Bening is already generating Oscar buzz for her portrayal of a mother passionate about what she wants to do and completely unaware of how she is perceived by the rest of the world, a very focused and funny performance. Gerwig plays a role similar to the one she usually has but fits in well with the ensemble, as does Fanning, who, at age eighteen, has already delivered her share of strong turns. Crudup and Zumann round out a very talented cast, all of whom are clearly having fun in this energetic, heartwarming, and sincerely funny film.


Thursday, October 13, 2016

NYFF Spotlight: The Settlers

Earlier this week, I wrote up a lengthy piece about "The Settlers," a layered documentary playing at the New York Film Festival about Israeli settlements. Head over to Jewcy to read the article and visit the NYFF page to learn more about the film.

Wednesday, October 12, 2016

NYFF Spotlight: Aquarius

I’m thrilled to be covering a number of selections from the 54th Annual New York Film Festival, which takes place September 30th-October 16th.

Directed by Kleber Mendonça Filho
NYFF Screenings

Most people live in a few places over the course of their lives, moving from one city to another, or even crossing state and international lines as they go through different stages, steps, and careers. Some do stay in the same city or town their entire lives, and later in life, even those who have moved frequently often remain in one place as they get older. It’s not easy to persuade someone who has spent years in the same house or apartment to consider relocating, and such attempts to do so tend to be futile and only provoke further stubbornness.

In “Aquarius,” Clara (Sonia Braga) is first introduced at age thirty, partying in 1980 and celebrating the seventieth birthday of her favorite aunt. Her husband thanks all those in attendance for supporting the family as she has battled cancer the previous year, and the film then jumps ahead to the present day, when Clara, retired after a successful career of writing music, is the sole remaining resident of the famed Aquarius building. The construction company sends smiling emissaries to knock on her door with a colorful brochure about their plans once the final obstacle in their way is removed, which encourages her to stand her ground and defend the home that she wants to continue calling her own.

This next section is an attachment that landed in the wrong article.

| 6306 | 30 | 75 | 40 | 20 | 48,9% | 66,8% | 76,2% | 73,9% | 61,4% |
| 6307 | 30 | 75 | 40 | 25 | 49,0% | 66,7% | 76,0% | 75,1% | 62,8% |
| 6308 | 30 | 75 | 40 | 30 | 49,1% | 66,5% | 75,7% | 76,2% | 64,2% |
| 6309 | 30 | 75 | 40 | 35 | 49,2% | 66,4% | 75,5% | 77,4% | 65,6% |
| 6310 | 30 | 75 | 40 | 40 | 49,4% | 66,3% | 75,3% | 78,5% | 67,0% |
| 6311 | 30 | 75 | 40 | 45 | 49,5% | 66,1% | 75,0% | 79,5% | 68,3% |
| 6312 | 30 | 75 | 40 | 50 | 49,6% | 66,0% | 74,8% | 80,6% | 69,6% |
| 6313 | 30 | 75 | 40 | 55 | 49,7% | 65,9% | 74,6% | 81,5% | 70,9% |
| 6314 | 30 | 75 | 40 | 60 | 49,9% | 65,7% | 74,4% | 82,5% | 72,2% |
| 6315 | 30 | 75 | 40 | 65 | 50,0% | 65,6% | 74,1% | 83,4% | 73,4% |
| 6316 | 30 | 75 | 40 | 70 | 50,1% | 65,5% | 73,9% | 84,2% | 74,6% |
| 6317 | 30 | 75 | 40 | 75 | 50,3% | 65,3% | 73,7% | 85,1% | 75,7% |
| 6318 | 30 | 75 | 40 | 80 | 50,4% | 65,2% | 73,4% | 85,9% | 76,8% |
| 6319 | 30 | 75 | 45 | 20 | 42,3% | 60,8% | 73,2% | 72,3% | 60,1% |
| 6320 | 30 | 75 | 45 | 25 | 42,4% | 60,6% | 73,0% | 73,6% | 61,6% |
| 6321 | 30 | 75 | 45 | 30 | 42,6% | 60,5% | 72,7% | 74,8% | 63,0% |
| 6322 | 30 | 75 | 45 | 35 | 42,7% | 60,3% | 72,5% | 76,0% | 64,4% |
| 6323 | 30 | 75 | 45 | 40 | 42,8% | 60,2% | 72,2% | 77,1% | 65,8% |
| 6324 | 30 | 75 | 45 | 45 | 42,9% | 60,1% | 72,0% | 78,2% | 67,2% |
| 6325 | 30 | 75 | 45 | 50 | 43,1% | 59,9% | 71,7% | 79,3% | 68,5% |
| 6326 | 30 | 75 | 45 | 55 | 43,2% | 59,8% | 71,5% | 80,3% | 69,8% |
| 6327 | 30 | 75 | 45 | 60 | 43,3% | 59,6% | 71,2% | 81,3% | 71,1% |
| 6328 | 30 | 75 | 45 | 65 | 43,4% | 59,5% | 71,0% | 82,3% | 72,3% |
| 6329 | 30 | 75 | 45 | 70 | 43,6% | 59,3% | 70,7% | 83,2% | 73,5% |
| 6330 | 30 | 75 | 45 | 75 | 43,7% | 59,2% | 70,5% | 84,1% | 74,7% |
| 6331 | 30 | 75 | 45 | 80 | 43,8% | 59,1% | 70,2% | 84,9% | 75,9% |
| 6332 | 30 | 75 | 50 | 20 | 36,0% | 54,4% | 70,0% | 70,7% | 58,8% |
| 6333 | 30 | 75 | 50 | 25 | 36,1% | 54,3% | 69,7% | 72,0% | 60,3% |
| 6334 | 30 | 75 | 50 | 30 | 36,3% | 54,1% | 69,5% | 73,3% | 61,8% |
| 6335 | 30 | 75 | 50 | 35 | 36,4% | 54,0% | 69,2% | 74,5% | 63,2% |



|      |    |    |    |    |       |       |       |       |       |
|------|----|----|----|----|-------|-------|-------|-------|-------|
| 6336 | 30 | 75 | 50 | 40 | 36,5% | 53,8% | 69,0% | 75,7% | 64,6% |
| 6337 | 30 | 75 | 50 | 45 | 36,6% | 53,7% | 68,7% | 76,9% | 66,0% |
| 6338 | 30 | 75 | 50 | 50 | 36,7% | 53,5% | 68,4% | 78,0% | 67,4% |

Clara is interviewed as soon as the film arrives at the present by an intrepid journalist, who asks her, among other things, how she feels about the Internet and music being so readily available. Her answer is boiled down in a headline to “I love MP3s,” but it does represent an adjustment to modernity that many in her field of her age wouldn’t normally make. Clara maintains positive relationships with her adult children and plenty of friendships, and staying in her home is just another element of continuing to live a rich life and experience the world as she desires. She’s a formidable lead character.

Braga is a respected Brazilian actress who appeared in a handful of American films thirty years ago and plays a major role in the new Netflix series “Marvel’s Luke Cage.” Braga, who is hardly wanting for memorable parts, has found a career-topping role in Clara, and she responds with exuberance and commitment, carrying the film with her modest and confident energy. The film runs two hours and twenty-two minutes but remains engaging due to an impressive reliance on its story and its actors to take the film wherever it needs to go, which proves more than worthwhile.


Tuesday, October 11, 2016

Movie with Abe: Do Over

Do Over
Directed by Ryan Francis
Released October 11, 2016

Who wouldn’t want to have a second shot at getting it right the first time? That sentiment could apply to nearly anything in life, but in this case, it’s all about losing your virginity on prom night. While hardly the most sophisticated subject, this comedy doesn’t pretend to be anything it’s not, laying all its cards on the table as four friends who haven’t necessarily gone too far try to recapture the glory of high school and rewind their sex lives back to where they started, for whatever it may be worth.

“Do Over” opens in a bar with a long conversation among reunited friends. Sean (Drew Seeley) has just moved back to his hometown after making it big in the tech industry, and he is warmly greeted by his old friends Anthony (Jonathan Bennett), Ryan (Zack Lively), and Angela (Amy Paffrath). Their conversation is full of nostalgia for a time long gone since the other three haven’t moved very far since then, and it naturally turns to the fateful night where they all lost their virginity. Egged on by Angela, Anthony and Ryan decide to contact the women they slept with for a second shot, and Sean can’t resist the opportunity to contemplate reconnecting with Gina (Gina Field), who he still can’t stop thinking about after thirteen years.

What ensues is a silly series of interactions as the three men search for the women they aren’t so sure they wowed. A combination of overeager matches all too willing to engage spiritually, awkward attempts to restart relationships, and shocking revelations that cause immense soul-searching leads the three men in totally different directions. It may not be the most intellectual or complicated film, but it is a fun, often entertaining, and generally enjoyable riff.